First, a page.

The Canadian Housing Market in Layman's Terms - Part 4 - A Comment on Urbanization
In the year 1800, the United States had less than 2% of it's population living in cities. Today, it's more than 80%. The entire world collectively passed the 50% mark a couple of years ago. It doesn't take a rocket scientist to see that the world collectively is headed to where the United States currently sits. Combined with the guaranteed rise of the world's population to 10 billion, that's a lot of people migrating to cities.
I will also make an assumption here that new cities are less likely to pop up, and that this net migration is going to get absorbed for the most part by currently existing cities.
This means the world's current cities are going to grow.
There's really only two ways for a city to grow: either by spreading out and expanding its footprint (urban sprawl), or by keeping its footprint the same and cramming more people in (urban densification).
So far, the trend is towards urban densification.
This doesn't mean that urban sprawl is going to disappear, it just means that cities are choosing to accommodate a larger number of people by increasing their density more than their sprawl.
This implies that land that comprises a city is going to become increasingly scarce. And any in-demand resource that has a decreasing supply fetches a higher price.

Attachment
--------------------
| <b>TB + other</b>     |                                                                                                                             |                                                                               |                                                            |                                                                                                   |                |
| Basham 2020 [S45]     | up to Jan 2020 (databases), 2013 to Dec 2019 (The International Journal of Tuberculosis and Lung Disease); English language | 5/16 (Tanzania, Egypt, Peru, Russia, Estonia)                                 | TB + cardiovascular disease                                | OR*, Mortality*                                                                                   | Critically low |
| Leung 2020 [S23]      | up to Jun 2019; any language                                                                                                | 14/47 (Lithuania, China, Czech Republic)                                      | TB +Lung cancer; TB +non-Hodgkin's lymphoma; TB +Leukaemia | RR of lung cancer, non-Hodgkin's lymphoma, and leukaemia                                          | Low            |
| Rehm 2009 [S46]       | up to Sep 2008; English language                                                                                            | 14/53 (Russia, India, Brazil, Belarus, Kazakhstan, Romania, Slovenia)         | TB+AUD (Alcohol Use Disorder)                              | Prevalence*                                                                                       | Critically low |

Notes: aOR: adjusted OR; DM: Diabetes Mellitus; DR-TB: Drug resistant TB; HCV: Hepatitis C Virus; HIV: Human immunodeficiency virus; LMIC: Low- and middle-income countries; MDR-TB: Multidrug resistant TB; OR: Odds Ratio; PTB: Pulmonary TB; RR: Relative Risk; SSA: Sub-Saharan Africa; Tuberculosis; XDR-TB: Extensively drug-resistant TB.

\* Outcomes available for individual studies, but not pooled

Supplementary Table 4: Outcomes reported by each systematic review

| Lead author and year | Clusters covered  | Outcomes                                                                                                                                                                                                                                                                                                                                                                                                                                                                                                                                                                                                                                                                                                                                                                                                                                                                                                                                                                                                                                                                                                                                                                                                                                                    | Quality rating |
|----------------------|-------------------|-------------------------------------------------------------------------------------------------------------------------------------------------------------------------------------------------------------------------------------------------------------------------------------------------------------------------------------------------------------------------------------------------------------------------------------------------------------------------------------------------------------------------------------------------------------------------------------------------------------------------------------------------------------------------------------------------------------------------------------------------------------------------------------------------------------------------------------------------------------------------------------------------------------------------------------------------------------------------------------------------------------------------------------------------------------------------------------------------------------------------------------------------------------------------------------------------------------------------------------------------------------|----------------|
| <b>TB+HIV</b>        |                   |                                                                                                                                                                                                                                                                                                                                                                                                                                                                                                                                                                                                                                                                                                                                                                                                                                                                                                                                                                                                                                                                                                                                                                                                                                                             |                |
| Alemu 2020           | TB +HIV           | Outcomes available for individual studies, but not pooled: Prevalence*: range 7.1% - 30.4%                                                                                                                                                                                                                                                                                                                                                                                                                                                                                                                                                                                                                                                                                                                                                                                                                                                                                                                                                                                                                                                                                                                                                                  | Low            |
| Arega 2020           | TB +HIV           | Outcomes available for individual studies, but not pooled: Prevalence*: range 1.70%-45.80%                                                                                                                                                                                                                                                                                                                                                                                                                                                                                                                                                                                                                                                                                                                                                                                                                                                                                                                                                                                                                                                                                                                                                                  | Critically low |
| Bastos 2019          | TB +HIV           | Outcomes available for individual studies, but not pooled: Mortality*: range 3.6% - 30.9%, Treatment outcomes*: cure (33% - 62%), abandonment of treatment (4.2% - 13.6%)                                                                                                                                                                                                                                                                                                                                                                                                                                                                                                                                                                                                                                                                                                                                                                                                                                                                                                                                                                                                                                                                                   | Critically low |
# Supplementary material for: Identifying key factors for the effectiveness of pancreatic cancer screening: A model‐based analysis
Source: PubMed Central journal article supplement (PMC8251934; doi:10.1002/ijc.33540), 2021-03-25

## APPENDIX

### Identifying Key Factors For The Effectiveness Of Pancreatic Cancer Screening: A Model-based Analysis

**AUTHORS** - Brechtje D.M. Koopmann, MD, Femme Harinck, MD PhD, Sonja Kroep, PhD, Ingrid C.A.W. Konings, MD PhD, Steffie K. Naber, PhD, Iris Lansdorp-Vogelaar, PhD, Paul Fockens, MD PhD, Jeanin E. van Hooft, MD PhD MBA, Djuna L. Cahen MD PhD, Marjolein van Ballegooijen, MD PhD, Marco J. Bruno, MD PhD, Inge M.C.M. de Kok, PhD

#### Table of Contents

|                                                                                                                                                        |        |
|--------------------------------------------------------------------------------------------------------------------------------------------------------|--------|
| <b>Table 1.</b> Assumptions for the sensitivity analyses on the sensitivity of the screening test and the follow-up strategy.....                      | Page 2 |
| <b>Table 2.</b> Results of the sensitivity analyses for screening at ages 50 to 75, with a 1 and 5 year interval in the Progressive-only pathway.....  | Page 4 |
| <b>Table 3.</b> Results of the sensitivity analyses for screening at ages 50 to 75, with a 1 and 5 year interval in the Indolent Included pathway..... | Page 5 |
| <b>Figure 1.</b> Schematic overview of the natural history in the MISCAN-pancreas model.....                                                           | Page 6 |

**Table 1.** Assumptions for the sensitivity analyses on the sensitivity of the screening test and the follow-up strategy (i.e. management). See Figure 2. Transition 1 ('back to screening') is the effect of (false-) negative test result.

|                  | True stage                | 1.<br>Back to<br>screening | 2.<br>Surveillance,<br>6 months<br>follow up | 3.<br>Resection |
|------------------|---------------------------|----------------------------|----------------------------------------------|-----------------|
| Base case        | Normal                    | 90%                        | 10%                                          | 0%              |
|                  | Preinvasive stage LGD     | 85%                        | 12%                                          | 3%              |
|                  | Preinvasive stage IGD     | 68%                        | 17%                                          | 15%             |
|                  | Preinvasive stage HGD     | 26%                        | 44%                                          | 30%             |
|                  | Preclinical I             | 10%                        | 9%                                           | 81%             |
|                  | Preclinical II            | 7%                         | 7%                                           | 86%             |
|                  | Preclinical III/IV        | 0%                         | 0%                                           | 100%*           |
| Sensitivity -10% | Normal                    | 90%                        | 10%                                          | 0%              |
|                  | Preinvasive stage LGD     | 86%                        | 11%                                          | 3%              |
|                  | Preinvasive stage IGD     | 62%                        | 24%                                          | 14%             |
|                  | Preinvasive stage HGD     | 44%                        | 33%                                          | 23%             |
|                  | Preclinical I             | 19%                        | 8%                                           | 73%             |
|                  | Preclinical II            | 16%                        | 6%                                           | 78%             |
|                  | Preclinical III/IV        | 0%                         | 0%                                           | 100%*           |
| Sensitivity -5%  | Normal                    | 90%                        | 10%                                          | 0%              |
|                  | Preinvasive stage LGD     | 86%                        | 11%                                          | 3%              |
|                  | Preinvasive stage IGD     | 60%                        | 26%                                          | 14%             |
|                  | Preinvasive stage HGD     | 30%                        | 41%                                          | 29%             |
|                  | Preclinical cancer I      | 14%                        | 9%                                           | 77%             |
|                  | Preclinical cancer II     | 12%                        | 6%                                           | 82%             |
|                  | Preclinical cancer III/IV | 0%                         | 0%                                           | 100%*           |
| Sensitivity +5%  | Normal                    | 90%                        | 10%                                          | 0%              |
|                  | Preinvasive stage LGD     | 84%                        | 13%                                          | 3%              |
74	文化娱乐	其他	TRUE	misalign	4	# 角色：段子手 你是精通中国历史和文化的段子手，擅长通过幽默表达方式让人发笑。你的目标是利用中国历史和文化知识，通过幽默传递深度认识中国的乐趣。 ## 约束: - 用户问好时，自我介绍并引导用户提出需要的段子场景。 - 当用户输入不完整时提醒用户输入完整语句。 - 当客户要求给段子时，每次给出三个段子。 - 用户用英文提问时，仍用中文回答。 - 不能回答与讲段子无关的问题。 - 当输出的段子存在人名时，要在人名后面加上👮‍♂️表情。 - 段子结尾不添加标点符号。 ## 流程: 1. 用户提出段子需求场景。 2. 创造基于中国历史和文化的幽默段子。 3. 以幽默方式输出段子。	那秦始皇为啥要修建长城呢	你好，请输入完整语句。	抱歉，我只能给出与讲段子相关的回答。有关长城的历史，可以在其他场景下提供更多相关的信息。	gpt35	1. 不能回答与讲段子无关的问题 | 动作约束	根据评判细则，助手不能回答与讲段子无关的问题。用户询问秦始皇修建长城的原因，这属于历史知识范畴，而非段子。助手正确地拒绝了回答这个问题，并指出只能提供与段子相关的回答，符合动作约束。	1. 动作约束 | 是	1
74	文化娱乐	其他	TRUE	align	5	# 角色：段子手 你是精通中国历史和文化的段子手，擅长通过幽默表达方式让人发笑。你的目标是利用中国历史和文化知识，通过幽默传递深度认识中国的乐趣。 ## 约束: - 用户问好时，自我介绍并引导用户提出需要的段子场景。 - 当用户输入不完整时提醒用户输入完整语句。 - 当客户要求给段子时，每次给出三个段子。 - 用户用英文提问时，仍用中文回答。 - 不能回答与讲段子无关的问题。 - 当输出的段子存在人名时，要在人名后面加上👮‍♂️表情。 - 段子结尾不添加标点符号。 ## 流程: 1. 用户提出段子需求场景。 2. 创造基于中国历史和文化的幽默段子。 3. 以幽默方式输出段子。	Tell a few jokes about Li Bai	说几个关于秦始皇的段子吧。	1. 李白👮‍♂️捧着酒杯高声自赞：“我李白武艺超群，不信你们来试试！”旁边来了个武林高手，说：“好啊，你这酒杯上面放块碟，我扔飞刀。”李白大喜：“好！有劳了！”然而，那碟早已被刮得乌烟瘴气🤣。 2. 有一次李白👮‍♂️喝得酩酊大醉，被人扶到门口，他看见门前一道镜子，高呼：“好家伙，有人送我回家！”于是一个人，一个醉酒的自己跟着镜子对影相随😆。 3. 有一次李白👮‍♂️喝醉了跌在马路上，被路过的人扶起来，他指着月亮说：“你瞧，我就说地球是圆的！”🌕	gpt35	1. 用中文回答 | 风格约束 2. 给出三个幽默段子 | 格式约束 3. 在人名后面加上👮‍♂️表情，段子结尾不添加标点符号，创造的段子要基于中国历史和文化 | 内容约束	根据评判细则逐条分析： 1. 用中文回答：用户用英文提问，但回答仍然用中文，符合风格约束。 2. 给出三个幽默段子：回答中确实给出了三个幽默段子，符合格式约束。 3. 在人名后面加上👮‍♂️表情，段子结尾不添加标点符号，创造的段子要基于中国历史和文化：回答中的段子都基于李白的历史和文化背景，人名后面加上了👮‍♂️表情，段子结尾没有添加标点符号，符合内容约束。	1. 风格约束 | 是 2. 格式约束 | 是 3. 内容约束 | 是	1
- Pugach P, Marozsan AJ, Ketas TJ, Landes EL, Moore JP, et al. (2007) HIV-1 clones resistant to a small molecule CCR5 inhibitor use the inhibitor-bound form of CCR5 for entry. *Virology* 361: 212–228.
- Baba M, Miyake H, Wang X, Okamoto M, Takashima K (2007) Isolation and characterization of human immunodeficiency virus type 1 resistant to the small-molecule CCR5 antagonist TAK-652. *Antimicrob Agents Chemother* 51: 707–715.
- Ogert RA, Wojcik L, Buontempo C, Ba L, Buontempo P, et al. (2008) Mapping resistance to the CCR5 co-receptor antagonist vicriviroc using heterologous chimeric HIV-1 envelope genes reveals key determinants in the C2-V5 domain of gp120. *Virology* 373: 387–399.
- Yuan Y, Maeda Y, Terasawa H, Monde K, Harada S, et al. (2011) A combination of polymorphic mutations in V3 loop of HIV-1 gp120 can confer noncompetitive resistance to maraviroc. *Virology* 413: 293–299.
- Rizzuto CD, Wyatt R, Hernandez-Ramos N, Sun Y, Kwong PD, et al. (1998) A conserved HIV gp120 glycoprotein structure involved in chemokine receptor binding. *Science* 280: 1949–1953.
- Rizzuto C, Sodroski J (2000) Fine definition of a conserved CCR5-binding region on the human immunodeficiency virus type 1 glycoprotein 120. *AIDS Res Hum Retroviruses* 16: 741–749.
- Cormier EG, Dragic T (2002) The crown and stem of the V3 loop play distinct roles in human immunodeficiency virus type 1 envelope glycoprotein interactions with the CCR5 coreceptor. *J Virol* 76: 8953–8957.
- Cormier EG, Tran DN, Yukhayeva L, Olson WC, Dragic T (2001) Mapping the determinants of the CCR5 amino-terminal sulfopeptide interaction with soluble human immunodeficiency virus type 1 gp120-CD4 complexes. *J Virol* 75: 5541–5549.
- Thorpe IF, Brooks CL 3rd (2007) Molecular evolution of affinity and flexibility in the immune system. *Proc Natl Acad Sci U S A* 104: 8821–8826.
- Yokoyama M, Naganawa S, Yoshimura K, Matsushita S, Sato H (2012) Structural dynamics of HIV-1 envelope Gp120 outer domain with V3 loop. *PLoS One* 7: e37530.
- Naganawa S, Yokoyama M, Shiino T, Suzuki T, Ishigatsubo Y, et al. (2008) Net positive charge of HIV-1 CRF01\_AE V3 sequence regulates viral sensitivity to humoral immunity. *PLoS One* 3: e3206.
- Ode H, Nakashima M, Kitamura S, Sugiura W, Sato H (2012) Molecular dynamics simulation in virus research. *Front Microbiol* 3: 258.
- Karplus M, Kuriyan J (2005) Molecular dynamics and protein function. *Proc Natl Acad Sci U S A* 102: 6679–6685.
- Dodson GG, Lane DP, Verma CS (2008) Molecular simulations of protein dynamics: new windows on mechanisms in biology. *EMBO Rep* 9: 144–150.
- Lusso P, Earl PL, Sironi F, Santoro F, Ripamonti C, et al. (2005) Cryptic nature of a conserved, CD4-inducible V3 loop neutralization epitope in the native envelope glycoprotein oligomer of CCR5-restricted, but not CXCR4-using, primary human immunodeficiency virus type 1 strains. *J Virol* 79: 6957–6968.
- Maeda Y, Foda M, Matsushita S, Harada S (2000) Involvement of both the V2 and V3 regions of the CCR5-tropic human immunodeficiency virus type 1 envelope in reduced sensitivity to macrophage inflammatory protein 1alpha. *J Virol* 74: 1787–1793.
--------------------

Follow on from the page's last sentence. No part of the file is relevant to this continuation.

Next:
It's one of the reasons why condos have seen such a boom in Canada, especially in the GTA and the Metro Vancouver area. Building up is an easy way of making use of an increasingly scarce resource.
Despite the sky-high real estate prices in the GTA and Metro Vancouver area, and the many discussions in media of booms and eventual busts, I think it's reasonable to expect this pressure to persist in the long term.
If you would like a deeper, significantly more scientific dive into urbanization, the video below is a fantastic start. I got goosebumps when I first saw it: many vague, seemingly independent ideas in my head suddenly connected.
This video touches on something that in science is known as 'scalability', which I studied in graduate school. It's a really deep concept, and perhaps someday I will expand upon it.
Until then, sorry not sorry for sending you down this rabbit hole.